Many of the Republicans have advocated a “drill, baby, drill” policy to increase oil production. Sounds good, but the amount of oil produced will be incremental and it won’t reach the pumps any time soon. Assume we approved drilling in the Arctic National Wildlife Refuge tomorrow. This is really, truly in the middle of nowhere. Hundreds of miles from the nearest roads. Which are only driveable in the winter, when they are frozen. (The rest of the year it’s too swampy to haul a rig across.) After you haul in the rig, you still have to build a small pipeline to get the oil from the well to the big pipeline. And you have to do it for each well. North of the Arctic Circle. Could somebody kindly explain to me how that is going to reduce the price of gasoline to $2.50 by the end of 2013? (Newt’s promise, although lately, he has been blaming Presidebt Obama because gas costs mor the $2 per gallon.

By the way, the number of operating rigs in the US is currently approximately 2,000. That is the highest number since – guess when – 1985. (When Ronald Reagan was president.) If “drill, baby, drill” is the plan, we are already implementing that plan. Also, by the way, the world rig count is about 3,750, also the highest number since 1985. The reason is simple – higher crude prices justify higher production costs. It has nothing to do with who is president – Reagan or Obama. (Or Gingrich, or……….)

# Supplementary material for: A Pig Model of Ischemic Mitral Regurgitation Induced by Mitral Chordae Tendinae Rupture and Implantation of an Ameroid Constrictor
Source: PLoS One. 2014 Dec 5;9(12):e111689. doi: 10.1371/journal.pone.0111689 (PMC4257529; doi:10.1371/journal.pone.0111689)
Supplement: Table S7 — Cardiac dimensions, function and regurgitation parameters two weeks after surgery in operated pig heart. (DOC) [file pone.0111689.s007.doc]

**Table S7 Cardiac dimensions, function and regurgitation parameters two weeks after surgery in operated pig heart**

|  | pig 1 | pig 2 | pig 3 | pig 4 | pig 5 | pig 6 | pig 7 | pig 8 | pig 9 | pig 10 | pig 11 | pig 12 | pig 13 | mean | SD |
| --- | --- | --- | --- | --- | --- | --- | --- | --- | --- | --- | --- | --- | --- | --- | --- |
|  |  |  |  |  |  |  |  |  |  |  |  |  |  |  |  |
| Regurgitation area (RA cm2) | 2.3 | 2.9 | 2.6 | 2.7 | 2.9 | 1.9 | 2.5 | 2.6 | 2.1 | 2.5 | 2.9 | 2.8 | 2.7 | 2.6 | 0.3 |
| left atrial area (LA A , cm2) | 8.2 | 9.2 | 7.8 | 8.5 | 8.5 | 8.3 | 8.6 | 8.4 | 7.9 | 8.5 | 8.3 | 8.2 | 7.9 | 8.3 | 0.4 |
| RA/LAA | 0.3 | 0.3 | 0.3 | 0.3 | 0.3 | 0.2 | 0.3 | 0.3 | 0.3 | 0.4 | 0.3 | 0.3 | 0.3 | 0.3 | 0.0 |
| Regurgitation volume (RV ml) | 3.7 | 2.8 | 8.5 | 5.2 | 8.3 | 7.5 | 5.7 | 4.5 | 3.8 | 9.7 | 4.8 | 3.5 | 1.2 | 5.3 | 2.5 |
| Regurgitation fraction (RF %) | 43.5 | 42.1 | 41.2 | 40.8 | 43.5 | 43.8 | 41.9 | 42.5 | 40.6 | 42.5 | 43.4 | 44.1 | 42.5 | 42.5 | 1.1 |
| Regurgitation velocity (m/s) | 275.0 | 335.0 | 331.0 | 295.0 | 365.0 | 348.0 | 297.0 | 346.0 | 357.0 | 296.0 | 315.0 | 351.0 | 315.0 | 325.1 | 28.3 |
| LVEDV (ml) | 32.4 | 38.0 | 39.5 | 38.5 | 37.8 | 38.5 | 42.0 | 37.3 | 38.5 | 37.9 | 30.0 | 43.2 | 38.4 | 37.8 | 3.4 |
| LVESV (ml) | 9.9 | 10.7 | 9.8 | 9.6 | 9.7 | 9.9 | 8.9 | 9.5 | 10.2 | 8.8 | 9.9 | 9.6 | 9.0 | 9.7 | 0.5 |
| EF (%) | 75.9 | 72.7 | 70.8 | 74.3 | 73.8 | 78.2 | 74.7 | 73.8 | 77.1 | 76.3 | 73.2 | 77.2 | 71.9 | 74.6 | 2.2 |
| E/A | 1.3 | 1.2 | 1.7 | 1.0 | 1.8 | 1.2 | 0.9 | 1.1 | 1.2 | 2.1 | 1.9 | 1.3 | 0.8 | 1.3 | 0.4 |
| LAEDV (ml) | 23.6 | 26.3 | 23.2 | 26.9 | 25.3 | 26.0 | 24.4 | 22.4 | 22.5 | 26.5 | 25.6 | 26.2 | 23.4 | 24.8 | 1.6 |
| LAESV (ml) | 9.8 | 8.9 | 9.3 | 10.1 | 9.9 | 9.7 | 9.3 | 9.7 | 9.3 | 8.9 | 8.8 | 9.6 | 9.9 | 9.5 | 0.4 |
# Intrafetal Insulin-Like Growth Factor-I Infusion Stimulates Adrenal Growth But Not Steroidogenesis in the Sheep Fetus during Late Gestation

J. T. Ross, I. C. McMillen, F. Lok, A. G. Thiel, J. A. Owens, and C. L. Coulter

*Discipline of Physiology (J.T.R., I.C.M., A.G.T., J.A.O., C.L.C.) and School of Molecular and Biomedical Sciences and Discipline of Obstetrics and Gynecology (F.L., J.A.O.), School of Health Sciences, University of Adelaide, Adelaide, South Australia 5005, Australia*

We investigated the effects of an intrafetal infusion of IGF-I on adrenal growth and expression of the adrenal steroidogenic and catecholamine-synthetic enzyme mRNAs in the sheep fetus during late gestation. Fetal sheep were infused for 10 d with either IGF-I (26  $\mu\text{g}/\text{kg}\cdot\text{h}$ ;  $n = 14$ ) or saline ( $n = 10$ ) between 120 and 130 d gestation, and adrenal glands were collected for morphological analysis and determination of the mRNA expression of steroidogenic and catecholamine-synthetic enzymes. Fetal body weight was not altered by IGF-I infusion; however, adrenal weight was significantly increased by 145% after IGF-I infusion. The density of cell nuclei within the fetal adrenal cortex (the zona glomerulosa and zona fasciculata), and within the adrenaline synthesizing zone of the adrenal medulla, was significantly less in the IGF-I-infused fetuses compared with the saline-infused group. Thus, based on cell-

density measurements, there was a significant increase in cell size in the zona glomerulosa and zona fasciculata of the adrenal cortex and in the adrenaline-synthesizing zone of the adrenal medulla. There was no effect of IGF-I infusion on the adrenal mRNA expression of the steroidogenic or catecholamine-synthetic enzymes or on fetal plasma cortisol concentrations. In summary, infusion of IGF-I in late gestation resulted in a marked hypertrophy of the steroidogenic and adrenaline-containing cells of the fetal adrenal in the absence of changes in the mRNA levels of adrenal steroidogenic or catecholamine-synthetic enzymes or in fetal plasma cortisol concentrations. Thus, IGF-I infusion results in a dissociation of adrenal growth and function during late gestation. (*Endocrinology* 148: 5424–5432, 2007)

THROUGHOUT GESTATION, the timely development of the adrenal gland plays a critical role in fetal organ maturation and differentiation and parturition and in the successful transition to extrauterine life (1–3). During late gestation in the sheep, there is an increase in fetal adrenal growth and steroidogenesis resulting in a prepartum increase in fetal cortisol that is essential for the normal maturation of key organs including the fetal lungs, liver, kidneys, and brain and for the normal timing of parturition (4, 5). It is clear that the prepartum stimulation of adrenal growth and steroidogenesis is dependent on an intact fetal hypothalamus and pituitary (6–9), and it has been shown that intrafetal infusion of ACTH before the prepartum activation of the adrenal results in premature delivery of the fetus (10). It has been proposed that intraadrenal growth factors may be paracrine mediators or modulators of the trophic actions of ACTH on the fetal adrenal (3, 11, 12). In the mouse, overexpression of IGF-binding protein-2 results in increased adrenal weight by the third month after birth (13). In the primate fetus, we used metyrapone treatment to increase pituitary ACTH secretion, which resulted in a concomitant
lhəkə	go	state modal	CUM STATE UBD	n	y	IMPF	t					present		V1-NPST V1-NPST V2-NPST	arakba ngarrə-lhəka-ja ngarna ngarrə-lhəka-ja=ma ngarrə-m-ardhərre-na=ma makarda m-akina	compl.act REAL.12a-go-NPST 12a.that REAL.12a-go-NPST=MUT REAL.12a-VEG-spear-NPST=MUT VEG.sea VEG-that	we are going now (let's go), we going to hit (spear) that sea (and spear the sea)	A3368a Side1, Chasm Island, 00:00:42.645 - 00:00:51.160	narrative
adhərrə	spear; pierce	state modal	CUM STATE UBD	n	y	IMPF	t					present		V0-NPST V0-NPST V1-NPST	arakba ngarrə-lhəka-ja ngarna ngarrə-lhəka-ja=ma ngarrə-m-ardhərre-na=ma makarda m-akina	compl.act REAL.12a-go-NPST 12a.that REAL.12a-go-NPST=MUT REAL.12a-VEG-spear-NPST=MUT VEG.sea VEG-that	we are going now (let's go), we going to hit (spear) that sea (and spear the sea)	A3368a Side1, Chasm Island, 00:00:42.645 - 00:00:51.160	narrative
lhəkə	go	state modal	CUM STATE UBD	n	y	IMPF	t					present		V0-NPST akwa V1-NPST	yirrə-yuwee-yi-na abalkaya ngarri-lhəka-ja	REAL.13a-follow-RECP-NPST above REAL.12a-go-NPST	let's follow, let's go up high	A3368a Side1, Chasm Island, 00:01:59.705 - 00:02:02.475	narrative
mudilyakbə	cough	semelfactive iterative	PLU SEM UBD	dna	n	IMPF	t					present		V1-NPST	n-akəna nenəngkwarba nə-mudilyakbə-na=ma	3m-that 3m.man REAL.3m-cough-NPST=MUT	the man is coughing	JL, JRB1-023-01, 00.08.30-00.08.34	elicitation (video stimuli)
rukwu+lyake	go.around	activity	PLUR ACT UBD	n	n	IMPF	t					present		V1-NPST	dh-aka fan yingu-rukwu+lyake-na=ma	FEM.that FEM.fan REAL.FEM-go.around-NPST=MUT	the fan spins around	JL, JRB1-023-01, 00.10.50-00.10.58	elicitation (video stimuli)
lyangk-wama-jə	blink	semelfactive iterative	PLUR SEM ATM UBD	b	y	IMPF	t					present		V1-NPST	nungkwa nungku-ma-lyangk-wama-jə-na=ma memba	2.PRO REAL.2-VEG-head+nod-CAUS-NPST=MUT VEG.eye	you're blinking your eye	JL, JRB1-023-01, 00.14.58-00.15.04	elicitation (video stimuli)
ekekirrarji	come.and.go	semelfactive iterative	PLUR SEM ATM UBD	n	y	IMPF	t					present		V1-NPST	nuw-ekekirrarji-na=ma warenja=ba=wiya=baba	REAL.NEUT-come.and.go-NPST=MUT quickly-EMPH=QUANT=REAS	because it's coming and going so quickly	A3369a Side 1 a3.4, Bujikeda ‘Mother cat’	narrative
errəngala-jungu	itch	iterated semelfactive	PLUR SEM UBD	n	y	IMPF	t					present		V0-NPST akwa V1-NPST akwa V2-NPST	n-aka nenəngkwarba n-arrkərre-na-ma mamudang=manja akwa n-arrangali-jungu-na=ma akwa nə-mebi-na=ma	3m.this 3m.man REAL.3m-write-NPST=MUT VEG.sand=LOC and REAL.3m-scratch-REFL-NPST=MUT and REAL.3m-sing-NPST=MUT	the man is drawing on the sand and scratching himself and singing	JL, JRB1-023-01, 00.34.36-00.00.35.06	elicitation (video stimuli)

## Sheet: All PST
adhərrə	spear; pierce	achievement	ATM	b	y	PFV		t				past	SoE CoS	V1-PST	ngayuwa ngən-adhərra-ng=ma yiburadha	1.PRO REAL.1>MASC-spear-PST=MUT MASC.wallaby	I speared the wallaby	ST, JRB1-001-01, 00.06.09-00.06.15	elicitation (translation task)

Some Republicans have also criticized President Obama for delaying approval of the Keystone Pipeline which would run 2147 miles from the oil sands in Canada to refineries on the Gulf Coast of Texas. (I say “some” Republicans because Republican landowners in Nebraska are adamantly opposed to the pipeline. For them, it is a property rights issue.) Estimated time to completion (minimum) is three years. Reality is probably longer.

Republicans also advocate increasing offshore drilling both in the Gulf of Mexico and off the coast of California. California opposes this, by the way. (Whatever happened to state’s rights?) Drilling offshore also takes time. Once the government issues the leases, the oil companies have to evaluate the leases through seismic testing, then haul in the deepwater rigs, then drill, then build a pipeline to shore. (Unless they are going to haul it in tankers.) All of this takes time. (Like several years.)